By Seth Warren, Ph.D.
“Accountability” and Research on Psychotherapy Outcomes
I would like to continue the theme of my previous column on the future of psychoanalytic practice, but before I do, I would like to remind our members that my intention is to provoke conversation and dialogue on these matters. My belief is that our ideas develop, both in the clinical setting and in public forums such as our Newsletter, through participatory dialogue. I would like all our readers to feel encouraged to respond to what is published here by sending comments, thoughts, and replies, in whatever form, to our Editor, Mary Lantz.
The following comments are adapted from an article submitted for publication in the IARPP eNews, a digital publication of the International Association for Relational Psychoanalysis and Psychotherapy.
Different kinds of knowledge can contribute to our understanding of human experience, including research in various fields in both social sciences and natural sciences. But this use of research is very different from the notion that psychoanalysis as a clinical approach must be subjected to empirical studies modeled on research in the natural sciences in order to justify its claims, its knowledge, and its clinical applications.
In recent years growing chorus of psychoanalytic writers have suggested that the only way psychoanalysis can be “accountable” is by employing the kind of empirical research methods used more broadly within Western medicine and academic psychology. In some ways this movement has gained increased momentum as a result of a number of articles published by Jonathan Shedler, a psychologist/psychoanalyst who has convincingly argued that the view that psychoanalytically-oriented psychotherapy is not “evidence-based” is, itself, not evidence-based! He makes this argument by gathering together and analyzing a number of outcome studies demonstrating the efficacy of psychoanalytic psychotherapies. While we all may enjoy the support and encouragement such studies provide, it seems to me that important questions remain about the value and importance of quantitative empirical research in psychoanalysis.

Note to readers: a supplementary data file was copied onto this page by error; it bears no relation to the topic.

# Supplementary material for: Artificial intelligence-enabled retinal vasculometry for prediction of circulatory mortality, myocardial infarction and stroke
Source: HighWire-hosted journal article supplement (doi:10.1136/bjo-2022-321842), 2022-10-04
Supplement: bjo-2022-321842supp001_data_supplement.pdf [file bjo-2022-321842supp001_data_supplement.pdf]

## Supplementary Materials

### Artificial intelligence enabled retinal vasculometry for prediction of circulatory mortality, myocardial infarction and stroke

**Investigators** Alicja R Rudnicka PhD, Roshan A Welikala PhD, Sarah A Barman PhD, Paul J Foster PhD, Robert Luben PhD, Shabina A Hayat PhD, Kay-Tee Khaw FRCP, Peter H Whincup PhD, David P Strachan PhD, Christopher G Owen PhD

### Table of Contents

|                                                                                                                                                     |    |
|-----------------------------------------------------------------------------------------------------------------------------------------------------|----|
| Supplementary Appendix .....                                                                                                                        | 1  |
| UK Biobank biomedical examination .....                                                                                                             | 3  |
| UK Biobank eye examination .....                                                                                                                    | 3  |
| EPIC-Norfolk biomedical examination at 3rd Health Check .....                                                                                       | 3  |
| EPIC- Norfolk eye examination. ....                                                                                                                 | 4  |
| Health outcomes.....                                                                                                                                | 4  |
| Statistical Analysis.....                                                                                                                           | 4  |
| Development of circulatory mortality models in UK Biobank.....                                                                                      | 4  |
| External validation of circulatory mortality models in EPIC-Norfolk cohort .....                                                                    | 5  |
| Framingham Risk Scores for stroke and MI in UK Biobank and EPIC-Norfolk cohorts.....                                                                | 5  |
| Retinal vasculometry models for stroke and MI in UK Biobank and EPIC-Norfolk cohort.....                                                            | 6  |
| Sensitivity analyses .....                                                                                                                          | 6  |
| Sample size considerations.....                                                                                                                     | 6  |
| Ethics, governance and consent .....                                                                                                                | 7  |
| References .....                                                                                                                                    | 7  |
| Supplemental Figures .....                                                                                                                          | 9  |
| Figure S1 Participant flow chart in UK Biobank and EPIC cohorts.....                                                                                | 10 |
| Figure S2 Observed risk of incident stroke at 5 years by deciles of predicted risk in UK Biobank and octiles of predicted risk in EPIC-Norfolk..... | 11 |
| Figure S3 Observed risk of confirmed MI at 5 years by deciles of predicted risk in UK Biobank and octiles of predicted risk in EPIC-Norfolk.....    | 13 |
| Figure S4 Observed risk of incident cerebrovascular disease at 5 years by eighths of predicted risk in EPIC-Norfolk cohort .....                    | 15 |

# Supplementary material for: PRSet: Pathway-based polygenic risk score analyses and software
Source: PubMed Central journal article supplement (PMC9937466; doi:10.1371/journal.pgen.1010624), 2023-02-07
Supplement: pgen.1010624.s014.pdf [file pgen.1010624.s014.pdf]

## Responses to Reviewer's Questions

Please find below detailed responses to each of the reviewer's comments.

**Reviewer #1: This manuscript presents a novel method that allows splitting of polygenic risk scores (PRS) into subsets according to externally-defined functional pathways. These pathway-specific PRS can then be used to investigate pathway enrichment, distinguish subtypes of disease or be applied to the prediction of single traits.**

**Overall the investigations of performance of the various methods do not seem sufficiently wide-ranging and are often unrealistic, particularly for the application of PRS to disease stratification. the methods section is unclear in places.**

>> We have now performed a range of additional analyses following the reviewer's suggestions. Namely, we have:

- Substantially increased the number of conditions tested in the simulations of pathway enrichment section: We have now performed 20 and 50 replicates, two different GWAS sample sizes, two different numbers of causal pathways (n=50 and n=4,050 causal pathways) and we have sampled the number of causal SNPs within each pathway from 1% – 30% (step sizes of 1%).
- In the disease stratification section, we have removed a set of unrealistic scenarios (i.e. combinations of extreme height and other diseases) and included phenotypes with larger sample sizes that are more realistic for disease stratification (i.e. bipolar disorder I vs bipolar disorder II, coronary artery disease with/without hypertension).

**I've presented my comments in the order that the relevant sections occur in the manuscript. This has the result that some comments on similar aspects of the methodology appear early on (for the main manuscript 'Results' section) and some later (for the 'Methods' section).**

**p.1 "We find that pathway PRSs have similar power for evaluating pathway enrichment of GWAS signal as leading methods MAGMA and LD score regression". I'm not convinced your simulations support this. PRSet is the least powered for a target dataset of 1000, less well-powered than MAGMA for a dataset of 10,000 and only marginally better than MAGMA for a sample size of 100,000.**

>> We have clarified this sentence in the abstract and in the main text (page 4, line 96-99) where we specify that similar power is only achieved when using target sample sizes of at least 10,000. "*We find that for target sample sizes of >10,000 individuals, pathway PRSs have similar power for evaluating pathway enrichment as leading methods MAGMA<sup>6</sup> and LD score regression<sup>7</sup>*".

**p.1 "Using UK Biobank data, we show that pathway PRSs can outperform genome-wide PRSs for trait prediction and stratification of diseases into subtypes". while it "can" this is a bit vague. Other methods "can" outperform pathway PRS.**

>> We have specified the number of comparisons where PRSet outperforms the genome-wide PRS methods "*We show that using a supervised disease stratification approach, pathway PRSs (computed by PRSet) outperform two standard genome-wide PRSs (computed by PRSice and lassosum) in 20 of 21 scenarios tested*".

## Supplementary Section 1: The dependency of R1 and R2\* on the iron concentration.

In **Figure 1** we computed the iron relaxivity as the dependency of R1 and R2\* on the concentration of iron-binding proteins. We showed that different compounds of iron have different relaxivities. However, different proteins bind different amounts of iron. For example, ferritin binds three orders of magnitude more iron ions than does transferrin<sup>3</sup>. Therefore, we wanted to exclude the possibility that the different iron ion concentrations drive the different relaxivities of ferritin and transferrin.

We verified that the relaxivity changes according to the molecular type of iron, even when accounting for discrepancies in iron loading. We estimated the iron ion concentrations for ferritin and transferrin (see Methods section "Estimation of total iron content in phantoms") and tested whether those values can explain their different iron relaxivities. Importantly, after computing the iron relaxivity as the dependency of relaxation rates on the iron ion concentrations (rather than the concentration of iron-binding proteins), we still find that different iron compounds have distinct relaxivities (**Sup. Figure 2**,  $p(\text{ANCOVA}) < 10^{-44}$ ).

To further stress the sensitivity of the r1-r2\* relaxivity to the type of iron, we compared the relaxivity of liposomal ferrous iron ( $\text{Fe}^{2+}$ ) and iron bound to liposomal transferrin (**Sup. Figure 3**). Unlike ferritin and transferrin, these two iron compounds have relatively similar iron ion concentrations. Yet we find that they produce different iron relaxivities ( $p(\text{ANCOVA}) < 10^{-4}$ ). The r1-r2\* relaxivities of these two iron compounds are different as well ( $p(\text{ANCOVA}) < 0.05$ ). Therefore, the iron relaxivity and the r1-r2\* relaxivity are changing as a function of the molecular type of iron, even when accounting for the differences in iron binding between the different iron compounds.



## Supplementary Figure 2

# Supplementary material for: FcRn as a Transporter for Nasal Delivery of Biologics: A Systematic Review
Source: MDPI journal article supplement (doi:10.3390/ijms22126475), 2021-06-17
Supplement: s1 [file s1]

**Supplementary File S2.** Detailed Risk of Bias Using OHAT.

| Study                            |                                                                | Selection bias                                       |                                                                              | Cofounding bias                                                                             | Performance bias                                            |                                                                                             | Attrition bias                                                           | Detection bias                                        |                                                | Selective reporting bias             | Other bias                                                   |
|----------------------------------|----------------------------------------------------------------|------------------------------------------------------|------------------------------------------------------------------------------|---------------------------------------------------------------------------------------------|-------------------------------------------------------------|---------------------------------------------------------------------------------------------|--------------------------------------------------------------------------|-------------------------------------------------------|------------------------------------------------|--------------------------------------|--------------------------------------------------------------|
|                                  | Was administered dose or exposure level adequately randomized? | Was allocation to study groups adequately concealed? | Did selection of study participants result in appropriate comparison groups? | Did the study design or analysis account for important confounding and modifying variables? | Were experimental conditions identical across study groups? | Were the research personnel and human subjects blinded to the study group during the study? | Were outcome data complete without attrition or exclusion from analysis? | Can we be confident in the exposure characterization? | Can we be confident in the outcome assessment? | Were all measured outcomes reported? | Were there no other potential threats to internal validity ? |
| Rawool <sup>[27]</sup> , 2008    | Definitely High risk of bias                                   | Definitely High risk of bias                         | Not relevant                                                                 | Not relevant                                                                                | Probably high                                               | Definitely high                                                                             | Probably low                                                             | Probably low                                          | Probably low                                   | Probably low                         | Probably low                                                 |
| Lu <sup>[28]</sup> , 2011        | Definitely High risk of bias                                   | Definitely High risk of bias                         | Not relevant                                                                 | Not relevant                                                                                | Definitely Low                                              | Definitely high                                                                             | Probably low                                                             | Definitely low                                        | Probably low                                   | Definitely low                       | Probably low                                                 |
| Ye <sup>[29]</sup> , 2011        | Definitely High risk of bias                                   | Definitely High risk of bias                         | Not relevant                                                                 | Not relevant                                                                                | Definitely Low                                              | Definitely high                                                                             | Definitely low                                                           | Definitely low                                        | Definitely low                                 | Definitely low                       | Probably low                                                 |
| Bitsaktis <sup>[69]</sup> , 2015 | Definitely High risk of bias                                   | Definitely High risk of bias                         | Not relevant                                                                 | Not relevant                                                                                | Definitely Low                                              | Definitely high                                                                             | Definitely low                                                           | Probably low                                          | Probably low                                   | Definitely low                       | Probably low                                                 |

This outcome research – very different from basic research in psychology and other fields – is directed at the goal of proving that psychoanalytic therapy “works,” that is to say, it does what it is intended to do. But what is such psychotherapy intended to do? What does it mean for a therapy to “work” from a psychoanalytic point of view? If we simply adopt the goals and purposes of a medical model framework, relying on a medical approach to diagnosis and symptom reduction, we abandon much of what is unique, essential and important in psychoanalysis, for the sake of good public relations, and the acceptance of organizations and institutions that do not necessarily care about psychoanalysis and its particular aims and goals.
Setting aside the enormous and important problem of therapeutic aims and goals, the more extreme “pro-research” psychoanalysts adopt a notion of accountability that arises in a particular historical and social context. Although this type of accountability is often framed by the evidence-based movement in moral and scientific terms, it arose largely in the economic, bureaucratic, and legal-administrative contexts of a modern capitalist society concerned with claims of efficacy for the purpose of marketing and liability. By this narrow definition of accountability, no human practice could make any claims to being accountable until the development of large-scale experimental studies and statistics – the type of empirical methods favored now by our current medical model and academic psychology. But this is obviously false; the argument that quantitative empirical research is the only way for any practice to be accountable relies entirely on this limited, historical definition of what it means to be “accountable.”